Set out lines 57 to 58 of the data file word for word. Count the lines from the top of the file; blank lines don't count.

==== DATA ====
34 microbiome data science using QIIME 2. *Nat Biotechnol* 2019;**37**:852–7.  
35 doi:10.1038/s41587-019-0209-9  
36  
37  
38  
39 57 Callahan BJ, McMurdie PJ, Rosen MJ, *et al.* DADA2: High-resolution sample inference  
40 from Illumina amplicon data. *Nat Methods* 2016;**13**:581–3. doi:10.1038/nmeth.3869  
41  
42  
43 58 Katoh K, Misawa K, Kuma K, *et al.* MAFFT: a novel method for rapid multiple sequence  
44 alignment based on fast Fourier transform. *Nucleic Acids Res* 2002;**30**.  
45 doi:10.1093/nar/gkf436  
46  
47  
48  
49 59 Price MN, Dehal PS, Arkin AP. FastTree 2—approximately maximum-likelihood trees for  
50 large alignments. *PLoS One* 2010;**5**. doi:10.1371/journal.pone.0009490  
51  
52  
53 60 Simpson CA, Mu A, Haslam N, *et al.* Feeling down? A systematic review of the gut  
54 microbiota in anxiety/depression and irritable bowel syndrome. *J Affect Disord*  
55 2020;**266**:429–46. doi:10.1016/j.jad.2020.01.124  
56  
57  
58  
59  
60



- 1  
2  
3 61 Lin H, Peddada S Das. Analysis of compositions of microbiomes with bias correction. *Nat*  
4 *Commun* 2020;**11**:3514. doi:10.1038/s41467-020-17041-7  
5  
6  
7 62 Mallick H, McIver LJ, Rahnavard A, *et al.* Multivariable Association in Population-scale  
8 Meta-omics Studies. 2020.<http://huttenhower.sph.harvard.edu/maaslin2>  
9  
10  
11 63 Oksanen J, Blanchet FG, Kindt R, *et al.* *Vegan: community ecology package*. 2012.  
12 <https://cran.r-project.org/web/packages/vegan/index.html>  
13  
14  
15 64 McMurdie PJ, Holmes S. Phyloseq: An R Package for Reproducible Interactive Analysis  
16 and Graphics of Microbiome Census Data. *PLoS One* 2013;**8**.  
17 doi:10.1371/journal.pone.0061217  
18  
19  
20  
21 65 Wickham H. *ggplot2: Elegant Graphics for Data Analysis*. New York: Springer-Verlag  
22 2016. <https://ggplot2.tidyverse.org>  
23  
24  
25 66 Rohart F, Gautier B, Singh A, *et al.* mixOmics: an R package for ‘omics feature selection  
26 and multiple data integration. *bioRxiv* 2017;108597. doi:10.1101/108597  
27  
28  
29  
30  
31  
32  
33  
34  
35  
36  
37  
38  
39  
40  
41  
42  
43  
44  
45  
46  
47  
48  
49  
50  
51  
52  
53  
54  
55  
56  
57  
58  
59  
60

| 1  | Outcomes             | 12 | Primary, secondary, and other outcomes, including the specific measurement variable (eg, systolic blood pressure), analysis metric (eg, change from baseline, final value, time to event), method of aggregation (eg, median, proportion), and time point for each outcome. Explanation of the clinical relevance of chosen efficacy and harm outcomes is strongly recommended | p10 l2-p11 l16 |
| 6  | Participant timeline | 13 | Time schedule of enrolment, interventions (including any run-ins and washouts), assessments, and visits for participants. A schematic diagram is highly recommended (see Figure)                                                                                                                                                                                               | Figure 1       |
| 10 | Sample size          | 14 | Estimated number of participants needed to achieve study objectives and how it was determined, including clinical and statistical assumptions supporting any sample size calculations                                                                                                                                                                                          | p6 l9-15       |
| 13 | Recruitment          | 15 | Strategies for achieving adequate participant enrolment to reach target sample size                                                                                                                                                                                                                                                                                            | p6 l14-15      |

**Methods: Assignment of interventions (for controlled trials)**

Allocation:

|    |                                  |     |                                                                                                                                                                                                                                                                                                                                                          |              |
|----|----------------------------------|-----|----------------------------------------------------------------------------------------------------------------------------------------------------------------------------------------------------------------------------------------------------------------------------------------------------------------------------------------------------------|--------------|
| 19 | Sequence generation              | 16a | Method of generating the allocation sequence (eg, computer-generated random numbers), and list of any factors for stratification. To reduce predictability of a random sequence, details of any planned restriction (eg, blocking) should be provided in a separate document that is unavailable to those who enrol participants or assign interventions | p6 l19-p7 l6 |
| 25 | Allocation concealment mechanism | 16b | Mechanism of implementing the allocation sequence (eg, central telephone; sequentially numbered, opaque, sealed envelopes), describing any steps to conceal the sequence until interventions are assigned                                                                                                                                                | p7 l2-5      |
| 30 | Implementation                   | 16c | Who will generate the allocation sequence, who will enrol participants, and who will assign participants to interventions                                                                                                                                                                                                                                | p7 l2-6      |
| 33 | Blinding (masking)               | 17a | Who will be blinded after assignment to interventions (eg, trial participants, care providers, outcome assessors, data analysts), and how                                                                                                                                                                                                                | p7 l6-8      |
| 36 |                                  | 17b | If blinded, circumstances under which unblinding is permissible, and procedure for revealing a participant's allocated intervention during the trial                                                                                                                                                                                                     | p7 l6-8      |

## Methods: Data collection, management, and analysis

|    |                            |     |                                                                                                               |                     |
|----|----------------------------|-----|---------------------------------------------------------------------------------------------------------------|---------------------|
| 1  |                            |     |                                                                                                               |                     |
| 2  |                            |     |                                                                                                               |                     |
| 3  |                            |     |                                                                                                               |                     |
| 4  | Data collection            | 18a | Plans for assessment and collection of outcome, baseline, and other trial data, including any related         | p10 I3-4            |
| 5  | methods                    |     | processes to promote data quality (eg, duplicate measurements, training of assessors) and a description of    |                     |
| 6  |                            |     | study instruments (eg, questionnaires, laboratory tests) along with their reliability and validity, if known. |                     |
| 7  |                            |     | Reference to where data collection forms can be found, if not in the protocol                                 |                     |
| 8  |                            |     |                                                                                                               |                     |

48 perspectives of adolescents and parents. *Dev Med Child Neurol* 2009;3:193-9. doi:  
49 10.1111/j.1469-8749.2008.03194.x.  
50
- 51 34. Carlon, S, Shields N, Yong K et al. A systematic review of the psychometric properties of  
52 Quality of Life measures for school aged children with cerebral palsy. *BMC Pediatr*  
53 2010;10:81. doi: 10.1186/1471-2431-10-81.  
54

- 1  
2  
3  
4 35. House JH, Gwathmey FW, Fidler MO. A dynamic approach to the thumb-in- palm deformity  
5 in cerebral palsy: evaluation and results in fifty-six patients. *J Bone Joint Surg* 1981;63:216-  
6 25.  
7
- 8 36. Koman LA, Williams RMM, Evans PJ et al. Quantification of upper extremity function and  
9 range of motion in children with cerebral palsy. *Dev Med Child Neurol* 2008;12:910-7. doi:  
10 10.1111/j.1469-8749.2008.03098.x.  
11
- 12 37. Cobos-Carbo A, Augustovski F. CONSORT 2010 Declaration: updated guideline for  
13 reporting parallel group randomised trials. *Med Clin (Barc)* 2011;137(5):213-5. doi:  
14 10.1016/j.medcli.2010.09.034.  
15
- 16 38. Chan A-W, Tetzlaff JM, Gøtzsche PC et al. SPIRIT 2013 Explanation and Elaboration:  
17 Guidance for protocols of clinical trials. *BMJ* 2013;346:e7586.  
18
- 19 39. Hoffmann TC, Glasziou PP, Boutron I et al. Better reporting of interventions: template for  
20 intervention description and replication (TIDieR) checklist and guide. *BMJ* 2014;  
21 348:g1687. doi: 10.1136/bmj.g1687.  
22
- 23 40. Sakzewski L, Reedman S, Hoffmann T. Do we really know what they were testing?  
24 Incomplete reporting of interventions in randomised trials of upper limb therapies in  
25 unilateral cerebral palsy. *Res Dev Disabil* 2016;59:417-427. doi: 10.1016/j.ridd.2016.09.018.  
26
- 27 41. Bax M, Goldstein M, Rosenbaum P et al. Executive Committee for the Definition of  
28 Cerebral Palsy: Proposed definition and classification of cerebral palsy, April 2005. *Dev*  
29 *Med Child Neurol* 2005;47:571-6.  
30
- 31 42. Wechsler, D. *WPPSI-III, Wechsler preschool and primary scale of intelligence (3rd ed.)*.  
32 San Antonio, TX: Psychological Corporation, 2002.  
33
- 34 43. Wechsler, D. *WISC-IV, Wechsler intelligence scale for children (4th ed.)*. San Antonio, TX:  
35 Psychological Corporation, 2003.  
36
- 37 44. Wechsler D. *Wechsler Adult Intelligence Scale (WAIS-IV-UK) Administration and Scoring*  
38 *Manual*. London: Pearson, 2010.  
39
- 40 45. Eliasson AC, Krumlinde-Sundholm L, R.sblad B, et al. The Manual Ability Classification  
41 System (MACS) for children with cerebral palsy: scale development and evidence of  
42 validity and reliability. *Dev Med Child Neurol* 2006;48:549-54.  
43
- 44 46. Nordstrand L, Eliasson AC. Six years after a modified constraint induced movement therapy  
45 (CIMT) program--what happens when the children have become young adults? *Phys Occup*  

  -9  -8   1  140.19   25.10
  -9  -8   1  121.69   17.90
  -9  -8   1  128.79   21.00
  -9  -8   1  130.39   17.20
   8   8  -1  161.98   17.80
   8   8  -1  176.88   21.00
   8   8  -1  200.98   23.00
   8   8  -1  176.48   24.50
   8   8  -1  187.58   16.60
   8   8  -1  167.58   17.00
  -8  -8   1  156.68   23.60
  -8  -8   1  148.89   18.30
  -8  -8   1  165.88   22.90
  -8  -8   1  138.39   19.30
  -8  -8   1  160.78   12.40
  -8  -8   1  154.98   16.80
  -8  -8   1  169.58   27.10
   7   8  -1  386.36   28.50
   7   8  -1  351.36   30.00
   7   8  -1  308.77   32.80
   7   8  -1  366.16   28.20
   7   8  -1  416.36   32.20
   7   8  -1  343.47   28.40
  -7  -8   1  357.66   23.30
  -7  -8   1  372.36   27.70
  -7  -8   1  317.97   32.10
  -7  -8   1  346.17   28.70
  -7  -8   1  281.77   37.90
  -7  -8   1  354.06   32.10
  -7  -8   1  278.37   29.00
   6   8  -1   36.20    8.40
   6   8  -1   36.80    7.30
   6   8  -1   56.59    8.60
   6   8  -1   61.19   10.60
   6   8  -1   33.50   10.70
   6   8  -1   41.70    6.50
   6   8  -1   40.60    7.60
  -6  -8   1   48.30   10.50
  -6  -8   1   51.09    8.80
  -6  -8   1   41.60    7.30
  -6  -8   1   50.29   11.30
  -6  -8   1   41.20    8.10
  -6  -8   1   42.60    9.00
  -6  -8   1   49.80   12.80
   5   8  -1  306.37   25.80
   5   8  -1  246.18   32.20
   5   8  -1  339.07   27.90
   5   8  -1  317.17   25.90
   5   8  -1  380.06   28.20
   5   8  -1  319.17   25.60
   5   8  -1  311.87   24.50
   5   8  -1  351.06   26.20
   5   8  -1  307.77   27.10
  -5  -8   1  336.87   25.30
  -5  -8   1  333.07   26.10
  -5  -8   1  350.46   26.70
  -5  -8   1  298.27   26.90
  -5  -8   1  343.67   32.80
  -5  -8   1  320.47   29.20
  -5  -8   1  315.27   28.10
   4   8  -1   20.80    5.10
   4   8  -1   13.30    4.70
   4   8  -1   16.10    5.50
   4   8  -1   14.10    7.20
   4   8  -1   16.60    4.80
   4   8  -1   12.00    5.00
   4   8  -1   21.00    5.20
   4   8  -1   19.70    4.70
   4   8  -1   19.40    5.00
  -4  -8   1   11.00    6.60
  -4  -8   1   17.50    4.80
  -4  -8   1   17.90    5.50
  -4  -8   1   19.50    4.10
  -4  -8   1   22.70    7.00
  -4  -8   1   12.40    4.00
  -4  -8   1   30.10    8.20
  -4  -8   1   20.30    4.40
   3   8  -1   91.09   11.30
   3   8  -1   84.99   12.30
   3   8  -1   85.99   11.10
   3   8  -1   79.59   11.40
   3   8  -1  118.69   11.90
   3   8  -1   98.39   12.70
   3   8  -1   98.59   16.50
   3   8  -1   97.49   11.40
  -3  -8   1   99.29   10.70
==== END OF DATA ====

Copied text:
30  
31  